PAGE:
A new study has mounted perhaps the most intricate, detailed look ever at the diversity in structure and form of bees, offering new insights in a long-standing debate over how complex social behaviors arose in certain branches of bees' evolutionary tree. The report offers strong evidence that complex social behavior developed just once in pollen-carrying bees, rather than twice or more, separately, in different evolutionary branches--but researchers say the case is far from closed.
Underground coal seams engulfed in a fire are not a very pleasant place to live. Nevertheless, Russian scientists, while examining the quarries of the Kemerovo region, showed that microorganisms also live there. They are similar to those that inhabit hot springs and other harsh habitats and are capable of metabolizing carbon monoxide, hydrogen, nitrates, and other compounds that are often hazardous to humans.
Road verges cover 1.2% of land in Great Britain - an area the size of Dorset - and could be managed to help wildlife, new research shows.
The first species-wide survey of parasite infections across the entire range of the mountain gorilla indicates new challenges ahead for the endangered species as its population grows.
The Paleocene-Eocene Thermal Maximum, or PETM, was a short interval of highly elevated global temperatures 56 million years ago that is frequently described as the best ancient analog for present-day climate warming.
Genetic diversity, which reflects the variation in DNA within species and populations and is the key to their capacity to adapt in times of change, is being lost at an alarming rate. According to an article by 28 authors representing 16 countries, the loss of genetic diversity can affect resiliency in the face of environmental change and result in the loss of important services provided to society.
A lot happens and changes within a thin one-meter-thick transition layer between deep Red Sea water and an expansive underlying brine lake.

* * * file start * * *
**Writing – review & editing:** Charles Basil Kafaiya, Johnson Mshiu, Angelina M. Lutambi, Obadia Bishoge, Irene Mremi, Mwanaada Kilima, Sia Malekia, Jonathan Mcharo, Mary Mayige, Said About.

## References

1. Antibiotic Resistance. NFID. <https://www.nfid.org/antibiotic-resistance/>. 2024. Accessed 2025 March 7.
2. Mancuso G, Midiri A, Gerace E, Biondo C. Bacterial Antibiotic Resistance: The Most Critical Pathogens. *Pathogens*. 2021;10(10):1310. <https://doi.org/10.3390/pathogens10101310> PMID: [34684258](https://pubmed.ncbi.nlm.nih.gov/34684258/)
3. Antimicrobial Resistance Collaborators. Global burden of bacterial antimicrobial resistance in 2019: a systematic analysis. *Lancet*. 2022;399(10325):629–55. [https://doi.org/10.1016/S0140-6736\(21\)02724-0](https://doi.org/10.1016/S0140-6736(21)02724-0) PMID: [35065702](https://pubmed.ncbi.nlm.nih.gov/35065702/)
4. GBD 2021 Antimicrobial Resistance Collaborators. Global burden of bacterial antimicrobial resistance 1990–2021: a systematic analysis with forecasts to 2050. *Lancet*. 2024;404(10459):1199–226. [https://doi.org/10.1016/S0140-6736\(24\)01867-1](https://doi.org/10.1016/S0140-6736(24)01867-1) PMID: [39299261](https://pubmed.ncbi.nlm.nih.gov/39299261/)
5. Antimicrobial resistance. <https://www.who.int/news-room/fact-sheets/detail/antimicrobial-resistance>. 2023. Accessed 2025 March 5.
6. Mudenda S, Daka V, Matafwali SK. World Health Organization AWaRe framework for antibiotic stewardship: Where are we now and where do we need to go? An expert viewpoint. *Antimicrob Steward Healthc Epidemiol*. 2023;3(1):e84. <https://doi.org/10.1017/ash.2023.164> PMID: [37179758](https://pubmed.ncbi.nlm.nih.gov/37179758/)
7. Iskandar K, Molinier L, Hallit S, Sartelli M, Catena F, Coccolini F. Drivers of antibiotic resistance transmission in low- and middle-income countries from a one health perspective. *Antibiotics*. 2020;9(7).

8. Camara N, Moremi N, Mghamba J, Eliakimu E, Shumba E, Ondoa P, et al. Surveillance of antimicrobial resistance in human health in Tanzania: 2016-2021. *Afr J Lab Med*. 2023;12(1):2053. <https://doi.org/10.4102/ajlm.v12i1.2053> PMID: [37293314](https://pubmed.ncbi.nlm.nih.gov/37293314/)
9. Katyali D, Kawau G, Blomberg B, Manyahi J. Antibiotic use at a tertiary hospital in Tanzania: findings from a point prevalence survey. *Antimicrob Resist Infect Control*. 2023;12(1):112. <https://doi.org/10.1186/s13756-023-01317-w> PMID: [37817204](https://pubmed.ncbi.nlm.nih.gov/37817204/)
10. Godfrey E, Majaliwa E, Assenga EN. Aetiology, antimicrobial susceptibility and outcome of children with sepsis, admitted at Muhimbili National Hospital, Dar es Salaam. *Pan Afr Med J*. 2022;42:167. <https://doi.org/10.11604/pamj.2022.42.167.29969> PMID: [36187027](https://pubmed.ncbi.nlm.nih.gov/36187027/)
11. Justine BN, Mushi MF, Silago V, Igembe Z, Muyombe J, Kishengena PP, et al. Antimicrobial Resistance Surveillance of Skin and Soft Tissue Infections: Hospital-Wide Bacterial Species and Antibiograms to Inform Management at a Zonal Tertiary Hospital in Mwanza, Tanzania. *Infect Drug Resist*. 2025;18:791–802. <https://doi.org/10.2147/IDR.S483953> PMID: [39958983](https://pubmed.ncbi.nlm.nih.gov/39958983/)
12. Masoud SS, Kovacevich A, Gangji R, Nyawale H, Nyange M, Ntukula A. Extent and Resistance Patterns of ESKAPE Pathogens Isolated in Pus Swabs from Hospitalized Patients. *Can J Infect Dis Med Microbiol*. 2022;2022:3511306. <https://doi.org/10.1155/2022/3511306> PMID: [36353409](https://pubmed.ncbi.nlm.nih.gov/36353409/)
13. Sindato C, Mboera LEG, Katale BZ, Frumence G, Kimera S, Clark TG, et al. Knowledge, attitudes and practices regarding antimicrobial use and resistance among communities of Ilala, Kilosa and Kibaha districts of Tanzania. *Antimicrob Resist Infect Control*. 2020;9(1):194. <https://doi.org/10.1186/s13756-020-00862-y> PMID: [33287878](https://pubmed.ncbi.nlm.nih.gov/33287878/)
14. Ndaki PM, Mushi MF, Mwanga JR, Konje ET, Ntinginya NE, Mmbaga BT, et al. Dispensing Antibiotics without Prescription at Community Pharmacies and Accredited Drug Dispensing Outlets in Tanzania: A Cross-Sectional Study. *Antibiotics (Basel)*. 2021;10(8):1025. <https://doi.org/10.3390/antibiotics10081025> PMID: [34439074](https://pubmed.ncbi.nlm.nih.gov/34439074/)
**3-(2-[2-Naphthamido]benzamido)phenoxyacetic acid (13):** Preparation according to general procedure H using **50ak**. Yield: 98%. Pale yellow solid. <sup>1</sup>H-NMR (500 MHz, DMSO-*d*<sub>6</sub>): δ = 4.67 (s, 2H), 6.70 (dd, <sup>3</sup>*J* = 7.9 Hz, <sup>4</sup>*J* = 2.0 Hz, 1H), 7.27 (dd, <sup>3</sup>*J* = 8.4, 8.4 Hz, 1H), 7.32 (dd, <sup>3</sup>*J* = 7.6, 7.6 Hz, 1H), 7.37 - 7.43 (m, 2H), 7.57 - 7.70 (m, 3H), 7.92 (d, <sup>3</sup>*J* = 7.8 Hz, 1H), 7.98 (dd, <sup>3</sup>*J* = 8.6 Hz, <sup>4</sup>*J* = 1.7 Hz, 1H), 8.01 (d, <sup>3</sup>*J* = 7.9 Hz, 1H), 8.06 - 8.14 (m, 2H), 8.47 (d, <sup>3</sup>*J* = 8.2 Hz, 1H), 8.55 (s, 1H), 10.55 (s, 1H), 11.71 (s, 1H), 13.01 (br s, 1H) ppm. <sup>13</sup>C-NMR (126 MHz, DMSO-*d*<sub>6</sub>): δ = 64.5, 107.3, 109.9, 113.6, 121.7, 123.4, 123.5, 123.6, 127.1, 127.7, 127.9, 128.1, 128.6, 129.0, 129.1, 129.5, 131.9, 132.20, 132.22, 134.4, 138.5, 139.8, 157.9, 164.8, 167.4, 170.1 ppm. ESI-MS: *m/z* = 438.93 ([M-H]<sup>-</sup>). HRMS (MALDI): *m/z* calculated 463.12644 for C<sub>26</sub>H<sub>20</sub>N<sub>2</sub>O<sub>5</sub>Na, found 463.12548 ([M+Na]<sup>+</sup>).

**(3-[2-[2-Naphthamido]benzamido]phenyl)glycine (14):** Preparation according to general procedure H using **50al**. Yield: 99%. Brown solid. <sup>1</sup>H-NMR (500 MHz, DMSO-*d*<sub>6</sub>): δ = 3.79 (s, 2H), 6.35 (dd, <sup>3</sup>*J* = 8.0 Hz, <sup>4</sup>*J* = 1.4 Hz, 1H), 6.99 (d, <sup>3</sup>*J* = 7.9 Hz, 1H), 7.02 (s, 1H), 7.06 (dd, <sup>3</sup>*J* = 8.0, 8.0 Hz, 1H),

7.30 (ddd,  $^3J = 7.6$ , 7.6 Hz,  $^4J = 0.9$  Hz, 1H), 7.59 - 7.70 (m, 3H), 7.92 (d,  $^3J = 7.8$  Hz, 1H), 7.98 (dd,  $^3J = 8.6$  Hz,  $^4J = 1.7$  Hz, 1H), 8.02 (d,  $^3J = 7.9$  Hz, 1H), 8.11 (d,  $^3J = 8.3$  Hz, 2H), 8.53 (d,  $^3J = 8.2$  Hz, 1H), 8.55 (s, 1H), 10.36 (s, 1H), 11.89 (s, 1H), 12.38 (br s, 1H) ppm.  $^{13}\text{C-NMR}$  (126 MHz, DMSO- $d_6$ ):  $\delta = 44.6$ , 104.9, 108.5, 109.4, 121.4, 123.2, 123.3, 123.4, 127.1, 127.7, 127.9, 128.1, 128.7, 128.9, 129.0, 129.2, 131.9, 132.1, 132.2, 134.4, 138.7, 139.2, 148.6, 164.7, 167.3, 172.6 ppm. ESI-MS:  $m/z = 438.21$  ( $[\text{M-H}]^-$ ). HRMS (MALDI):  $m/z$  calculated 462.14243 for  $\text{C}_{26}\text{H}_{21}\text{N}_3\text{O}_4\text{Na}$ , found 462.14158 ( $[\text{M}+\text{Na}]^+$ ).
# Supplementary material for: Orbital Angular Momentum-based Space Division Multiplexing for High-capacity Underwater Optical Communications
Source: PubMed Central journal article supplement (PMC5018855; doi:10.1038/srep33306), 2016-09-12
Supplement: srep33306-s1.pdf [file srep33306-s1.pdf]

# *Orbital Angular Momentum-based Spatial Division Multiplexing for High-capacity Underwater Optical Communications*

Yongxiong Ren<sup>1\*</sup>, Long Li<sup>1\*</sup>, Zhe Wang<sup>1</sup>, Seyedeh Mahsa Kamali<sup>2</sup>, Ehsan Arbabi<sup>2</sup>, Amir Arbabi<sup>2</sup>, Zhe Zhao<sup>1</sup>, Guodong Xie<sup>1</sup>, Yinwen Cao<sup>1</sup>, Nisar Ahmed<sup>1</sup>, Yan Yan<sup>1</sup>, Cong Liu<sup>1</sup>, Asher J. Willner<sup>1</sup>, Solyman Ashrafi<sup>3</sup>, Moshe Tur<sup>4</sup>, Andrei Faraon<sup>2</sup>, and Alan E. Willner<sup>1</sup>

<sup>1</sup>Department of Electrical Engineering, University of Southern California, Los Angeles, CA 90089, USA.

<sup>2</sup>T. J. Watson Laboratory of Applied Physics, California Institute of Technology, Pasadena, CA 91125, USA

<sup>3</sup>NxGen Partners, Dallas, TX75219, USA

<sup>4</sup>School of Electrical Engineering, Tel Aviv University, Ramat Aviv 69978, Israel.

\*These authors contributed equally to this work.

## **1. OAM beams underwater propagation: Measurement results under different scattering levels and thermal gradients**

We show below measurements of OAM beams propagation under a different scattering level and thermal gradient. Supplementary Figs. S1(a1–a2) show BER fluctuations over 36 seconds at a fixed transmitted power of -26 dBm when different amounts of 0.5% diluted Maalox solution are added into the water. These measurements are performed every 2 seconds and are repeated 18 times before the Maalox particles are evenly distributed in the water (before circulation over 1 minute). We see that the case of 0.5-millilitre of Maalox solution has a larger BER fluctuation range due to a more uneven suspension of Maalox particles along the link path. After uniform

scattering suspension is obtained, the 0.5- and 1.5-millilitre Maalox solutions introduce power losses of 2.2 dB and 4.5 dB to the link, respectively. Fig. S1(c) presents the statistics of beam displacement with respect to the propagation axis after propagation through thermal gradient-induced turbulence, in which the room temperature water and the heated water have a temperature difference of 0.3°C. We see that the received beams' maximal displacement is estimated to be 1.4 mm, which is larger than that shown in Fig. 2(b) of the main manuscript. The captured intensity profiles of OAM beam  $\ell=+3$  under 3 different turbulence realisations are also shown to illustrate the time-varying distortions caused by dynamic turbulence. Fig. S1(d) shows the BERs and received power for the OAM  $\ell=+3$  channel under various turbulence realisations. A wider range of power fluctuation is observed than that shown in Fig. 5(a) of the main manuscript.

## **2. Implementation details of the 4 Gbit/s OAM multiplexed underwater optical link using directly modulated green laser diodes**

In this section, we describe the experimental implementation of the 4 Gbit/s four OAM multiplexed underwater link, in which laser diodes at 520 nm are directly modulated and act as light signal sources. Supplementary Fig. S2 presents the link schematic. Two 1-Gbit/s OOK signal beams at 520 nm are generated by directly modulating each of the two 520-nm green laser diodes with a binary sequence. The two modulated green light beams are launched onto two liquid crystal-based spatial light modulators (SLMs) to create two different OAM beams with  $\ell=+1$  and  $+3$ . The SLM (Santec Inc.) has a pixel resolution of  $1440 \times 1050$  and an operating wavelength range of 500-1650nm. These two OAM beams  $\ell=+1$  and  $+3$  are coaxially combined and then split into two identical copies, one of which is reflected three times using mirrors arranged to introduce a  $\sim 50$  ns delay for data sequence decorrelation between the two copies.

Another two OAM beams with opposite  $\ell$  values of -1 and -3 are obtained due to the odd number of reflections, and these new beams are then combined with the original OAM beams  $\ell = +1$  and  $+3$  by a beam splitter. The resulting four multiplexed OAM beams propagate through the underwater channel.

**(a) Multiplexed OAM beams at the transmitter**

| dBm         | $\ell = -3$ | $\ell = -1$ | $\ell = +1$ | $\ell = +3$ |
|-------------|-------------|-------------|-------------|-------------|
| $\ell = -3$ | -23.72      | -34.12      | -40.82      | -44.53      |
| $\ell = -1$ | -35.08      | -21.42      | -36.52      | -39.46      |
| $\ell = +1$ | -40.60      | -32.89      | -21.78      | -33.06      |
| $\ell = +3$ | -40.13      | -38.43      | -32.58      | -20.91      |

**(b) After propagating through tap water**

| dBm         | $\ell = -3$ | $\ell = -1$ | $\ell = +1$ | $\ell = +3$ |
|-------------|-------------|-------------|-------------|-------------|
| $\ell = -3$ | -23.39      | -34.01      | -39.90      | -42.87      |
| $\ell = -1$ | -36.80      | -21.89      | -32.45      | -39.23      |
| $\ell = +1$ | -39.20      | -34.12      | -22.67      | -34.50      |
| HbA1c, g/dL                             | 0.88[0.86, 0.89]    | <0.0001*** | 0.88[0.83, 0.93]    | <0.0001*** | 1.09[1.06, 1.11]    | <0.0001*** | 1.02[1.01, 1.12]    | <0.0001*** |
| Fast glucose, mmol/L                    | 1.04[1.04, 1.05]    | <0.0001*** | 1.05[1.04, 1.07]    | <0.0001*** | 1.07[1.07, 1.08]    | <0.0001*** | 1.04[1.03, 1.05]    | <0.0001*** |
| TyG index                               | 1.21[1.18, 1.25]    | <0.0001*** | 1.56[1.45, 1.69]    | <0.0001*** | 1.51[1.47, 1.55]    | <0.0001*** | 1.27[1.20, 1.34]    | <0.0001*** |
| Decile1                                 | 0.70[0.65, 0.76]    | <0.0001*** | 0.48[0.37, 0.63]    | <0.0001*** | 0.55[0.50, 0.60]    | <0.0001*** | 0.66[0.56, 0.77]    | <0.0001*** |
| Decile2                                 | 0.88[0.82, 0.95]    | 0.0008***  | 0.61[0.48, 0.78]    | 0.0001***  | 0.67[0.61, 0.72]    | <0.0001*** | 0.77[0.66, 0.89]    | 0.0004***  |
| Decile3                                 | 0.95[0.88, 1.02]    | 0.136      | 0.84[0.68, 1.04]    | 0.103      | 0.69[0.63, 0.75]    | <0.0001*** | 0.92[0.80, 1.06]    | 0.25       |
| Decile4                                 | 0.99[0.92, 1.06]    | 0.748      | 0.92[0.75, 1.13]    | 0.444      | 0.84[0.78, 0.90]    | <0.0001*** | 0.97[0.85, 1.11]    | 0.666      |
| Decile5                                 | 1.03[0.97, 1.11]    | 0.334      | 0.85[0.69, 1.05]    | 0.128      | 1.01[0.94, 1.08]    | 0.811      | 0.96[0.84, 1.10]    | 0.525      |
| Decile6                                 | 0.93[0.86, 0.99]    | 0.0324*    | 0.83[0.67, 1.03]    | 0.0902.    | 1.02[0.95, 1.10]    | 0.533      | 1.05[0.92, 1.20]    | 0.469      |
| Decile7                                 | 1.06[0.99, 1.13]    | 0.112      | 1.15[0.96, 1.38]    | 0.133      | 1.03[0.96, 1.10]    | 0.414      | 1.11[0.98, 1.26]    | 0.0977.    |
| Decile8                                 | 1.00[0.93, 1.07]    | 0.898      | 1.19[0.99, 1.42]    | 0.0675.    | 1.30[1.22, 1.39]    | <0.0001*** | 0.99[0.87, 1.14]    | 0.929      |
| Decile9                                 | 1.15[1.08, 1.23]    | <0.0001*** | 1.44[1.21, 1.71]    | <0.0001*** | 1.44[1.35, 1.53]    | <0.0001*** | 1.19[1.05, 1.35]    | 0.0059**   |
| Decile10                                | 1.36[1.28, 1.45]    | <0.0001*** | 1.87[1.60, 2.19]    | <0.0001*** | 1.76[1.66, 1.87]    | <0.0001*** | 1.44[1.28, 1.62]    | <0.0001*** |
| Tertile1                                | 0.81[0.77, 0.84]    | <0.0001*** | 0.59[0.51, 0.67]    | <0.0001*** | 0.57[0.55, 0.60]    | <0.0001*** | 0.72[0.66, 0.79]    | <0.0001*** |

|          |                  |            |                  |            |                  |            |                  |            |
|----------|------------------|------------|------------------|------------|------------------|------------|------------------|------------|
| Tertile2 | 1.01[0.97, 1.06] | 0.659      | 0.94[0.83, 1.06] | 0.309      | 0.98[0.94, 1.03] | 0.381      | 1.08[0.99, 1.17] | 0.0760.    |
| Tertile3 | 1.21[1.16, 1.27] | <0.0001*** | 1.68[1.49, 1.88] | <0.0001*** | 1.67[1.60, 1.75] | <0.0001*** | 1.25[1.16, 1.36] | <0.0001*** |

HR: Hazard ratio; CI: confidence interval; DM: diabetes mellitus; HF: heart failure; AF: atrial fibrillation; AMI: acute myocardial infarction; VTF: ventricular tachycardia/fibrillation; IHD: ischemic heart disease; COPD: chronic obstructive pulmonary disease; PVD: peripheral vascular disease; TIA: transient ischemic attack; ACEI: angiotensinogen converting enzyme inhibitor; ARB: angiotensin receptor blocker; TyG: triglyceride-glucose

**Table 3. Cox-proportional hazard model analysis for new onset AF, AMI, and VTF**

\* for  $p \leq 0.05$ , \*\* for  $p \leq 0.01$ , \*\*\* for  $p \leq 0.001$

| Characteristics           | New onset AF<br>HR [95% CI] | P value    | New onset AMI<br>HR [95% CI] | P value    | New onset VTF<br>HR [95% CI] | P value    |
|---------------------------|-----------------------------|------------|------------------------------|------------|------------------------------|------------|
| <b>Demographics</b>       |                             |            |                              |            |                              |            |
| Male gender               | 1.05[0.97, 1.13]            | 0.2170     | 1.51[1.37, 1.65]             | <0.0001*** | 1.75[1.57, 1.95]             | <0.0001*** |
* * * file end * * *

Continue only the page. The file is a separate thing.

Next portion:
A new study by University of Liverpool ecologists warns that heat-induced male infertility will see some species succumb to the effects of climate change earlier than thought. Currently, scientists are trying to predict where species will be lost due to climate change so they can plan effective conservation strategies. However, research on temperature tolerance has generally focused on the temperatures that are lethal to organisms, rather than those at which organisms can no longer breed.
The thunder of a mountain river or the crash of pounding surf have likely been changing how animals communicate and where they live for eons. A new experimental study published in the journal Nature Communications finds that birds and bats often avoid habitat swamped with loud whitewater river noise.
Using DNA from greenhouse-grown plants representing all species and hundreds of varieties of watermelon, scientists discovered that watermelons most likely came from wild crop progenitors in northeast Africa. The study corrects a 90-year-old mistake that had previously tied watermelons to South Africa. The genetic research is consistent with newly interpreted Egyptian tomb paintings that suggest the watermelon may have been consumed in the Nile Valley as a dessert more than 4,000 years ago.